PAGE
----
On that front, the TGA seems to be flexing some of its enforcement muscles. In June it issued infringement notices totalling $588,840 to four TSG shops in Sydney for attempting to import nicotine vaping products.

Professor Nick Zwar, chair of the RACGP’s smoking cessation advisory group, is cautiously hopeful that the regulations will help reduce youth vaping, while still making e-vapes available for those who’ve struggled to quit with other means.

“The challenge will be effective regulation to not allow a black market and currently we have illegal vaping products coming into the country in very large numbers. So we have a black market at the moment,” Professor Zwar says.

“It’s substantial, and use has been growing, particularly for disposable vaping products…They’re very high in nicotine, they’re not well manufactured… So we have a black market now. And the changes in regulation are aimed at helping to not have a black market, but still provide access for people who want to use nicotine vaping for the purpose of smoking cessation. Now, whether it will work it remains to be seen.”

What GPs are saying

In a Healthed survey last month, about one in five GPs reported that when nicotine vaping became prescription only, most of their patients accessed them on the black market instead.

However nearly one third of GP respondents said in free text responses that they do not have any patients who vape, but this is likely an under-estimate.

“We’re probably not in the habit of asking about vaping like the way we ask about tobacco smoking. It’s not a question that prompted in the software yet,” Professor Zwar explained.

“The uptake of vaping has been so rapid— it’s a fairly recent phenomenon— that I don’t think it’s a routine thing that we ask about,” Professor Zwar said. “So unless you ask, people probably wouldn’t tell you.”

Dr Mendelsohn is particularly concerned that regulations which make vaping harder to access could also result in more people smoking — and 8% of GPs in Healthed’s survey noted this trend after prescriptions were required for nicotine vapes.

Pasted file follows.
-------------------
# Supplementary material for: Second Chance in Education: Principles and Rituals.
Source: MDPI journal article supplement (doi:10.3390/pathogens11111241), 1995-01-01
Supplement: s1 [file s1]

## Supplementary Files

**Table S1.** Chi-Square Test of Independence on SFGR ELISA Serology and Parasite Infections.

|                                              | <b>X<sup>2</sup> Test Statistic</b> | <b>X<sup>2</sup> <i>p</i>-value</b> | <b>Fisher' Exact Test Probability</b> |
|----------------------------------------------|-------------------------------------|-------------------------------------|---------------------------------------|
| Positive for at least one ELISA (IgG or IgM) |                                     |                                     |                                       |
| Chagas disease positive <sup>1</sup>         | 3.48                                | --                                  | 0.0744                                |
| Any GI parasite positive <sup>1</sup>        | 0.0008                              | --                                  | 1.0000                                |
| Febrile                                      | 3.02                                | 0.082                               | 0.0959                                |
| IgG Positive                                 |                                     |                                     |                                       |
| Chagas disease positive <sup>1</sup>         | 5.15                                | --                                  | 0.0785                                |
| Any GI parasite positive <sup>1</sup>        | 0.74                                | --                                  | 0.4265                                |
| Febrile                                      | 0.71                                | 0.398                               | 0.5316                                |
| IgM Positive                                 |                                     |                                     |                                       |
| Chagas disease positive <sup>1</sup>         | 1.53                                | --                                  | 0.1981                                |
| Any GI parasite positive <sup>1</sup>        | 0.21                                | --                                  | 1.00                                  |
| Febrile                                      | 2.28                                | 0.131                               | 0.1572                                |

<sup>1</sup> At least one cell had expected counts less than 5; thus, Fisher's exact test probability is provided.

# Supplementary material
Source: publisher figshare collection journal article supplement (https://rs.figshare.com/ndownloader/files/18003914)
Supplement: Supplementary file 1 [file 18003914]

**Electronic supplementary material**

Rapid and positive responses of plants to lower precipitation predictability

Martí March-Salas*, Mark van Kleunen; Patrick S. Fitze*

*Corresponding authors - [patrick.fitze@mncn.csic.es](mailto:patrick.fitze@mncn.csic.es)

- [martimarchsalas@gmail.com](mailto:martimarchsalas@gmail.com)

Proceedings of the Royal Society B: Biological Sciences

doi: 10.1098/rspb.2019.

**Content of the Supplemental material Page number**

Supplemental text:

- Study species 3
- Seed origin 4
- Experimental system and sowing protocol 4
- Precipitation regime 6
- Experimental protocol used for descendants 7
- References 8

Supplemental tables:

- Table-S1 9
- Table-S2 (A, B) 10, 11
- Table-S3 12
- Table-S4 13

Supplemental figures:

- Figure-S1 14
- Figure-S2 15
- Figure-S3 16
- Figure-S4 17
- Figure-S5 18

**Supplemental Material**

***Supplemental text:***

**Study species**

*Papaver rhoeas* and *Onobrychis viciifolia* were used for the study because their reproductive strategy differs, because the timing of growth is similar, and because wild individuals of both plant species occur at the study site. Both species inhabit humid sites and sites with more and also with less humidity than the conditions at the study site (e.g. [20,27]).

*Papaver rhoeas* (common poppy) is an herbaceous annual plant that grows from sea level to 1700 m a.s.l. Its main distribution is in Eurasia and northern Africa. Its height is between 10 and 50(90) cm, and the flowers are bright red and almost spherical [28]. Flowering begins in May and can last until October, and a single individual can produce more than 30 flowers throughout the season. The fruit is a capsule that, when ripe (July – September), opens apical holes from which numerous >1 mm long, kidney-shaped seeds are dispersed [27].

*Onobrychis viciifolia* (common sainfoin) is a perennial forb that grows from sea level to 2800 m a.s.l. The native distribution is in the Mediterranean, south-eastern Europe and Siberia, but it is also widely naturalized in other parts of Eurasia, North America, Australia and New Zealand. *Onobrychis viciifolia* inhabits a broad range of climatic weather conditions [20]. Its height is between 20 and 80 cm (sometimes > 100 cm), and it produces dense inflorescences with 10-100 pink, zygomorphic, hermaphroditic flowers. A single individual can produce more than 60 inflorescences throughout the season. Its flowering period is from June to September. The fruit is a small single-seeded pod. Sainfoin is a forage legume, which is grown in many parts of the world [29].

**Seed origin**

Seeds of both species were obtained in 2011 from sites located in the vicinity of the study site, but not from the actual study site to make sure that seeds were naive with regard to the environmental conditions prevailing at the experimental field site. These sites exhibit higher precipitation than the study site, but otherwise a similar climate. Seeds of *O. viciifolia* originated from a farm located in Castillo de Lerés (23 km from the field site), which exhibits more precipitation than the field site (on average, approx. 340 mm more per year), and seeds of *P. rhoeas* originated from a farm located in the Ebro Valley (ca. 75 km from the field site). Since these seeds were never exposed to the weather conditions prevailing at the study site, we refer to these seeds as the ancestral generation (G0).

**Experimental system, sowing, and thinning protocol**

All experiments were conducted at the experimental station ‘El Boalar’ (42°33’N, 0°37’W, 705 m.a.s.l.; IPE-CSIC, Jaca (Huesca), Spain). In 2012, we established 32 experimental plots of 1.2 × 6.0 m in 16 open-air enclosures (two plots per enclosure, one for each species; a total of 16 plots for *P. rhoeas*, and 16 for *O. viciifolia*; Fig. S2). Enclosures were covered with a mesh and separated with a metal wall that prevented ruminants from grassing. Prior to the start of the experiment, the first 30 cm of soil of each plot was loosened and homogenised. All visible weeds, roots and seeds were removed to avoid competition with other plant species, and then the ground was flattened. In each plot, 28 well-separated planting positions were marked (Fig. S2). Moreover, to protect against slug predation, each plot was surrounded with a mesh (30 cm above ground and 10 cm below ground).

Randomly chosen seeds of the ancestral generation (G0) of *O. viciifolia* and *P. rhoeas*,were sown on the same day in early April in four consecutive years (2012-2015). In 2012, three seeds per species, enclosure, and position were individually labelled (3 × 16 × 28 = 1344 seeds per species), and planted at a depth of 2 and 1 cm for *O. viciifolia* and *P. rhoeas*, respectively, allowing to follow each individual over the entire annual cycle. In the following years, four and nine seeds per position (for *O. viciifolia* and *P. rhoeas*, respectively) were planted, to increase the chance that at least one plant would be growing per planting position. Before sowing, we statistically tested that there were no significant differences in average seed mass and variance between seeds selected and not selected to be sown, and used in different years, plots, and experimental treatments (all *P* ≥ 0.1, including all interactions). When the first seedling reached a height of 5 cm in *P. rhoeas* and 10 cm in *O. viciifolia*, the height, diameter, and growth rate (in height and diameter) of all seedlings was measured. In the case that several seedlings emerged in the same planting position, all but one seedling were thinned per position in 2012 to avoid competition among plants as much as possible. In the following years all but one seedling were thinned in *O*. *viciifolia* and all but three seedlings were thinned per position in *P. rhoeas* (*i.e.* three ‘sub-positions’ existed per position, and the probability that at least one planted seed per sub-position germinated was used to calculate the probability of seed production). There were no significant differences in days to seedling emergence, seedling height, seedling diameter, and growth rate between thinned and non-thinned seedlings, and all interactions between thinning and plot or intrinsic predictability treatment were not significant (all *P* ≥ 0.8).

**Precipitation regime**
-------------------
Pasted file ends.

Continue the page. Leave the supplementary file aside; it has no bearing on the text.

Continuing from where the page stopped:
“It is hard to justify making vapes very difficult to access when deadly cigarettes are freely available. It undoubtedly means that some smokers will continue smoking instead of switching to the safer alternative,” Dr Mendelsohn told Healthed.

Of course, that’s the point of making it easier for GPs to prescribe — but he predicts that in practice, they’ll remain reluctant.

“The reality is that only 8% of Australia’s 1.3 million vapers have a prescription and vape legally. Less than 5% of GPs write nicotine prescriptions and most are very misinformed about vaping,” Dr Mendelsohn said.

“The proposed crackdown will allow all GPs to prescribe nicotine without having to become Authorised Prescribers. However, I would anticipate very few will take part.” – Dr Colin Mendelsohn

Professor Zwar also said that while removing the authorised prescribing requirement might result in some more GPs prescribing, it’s unlikely to lead to a dramatic rise.

“I don’t know that that’s necessarily the biggest barrier— I think it’s more uncertainty about the role in smoking cessation, the safety, how it fits and practicalities about how to do it too, because it’s not terribly straightforward to know how to write a prescription and how to choose a starting dose and how to titrate and how long and all of those sorts of things,” Professor Zwar said.

“It’s not surprising that GPs are unsure about what the role is to support smoking cessation, particularly given that they’re not approved products. They’re not medicine.”

Still, he rejects the argument that barriers to accessing nicotine vapes will result in more people turning to combustible tobacco. “That’s not the only thing they could do, they could turn to nicotine replacement therapy, which is available over the counter. They could go to the doctor and get prescribed NRT or another smoking cessation pharmacotherapy,” he said, adding that the intention is to make nicotine vapes available for those who have not been able to quit smoking using other methods.

“There’s always risks and it’s a balancing of risks,” Professor Zwar said. “Now I’m not saying the situation is perfect. Clearly there needs to be more doctors involved for that to be an easy option for the community…but the idea of the medical access framework is that if people want nicotine vaping products to quit smoking, there’s a pathway for them.”

Professor Banks also takes a nuanced view. She says the risk that the crackdown on vaping could lead more people to smoking does need to be taken seriously. “It’s about getting the balance of access for people who are really genuinely using it to quit smoking, and avoiding this burgeoning addiction issue,” she said.

“We have to be careful that people don’t go on to smoking. And the way to deal with that, is first of all, we need support for people who are vaping to quit vaping.”

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Lynnette Hoffman


Lynnette Hoffman

Managing Editor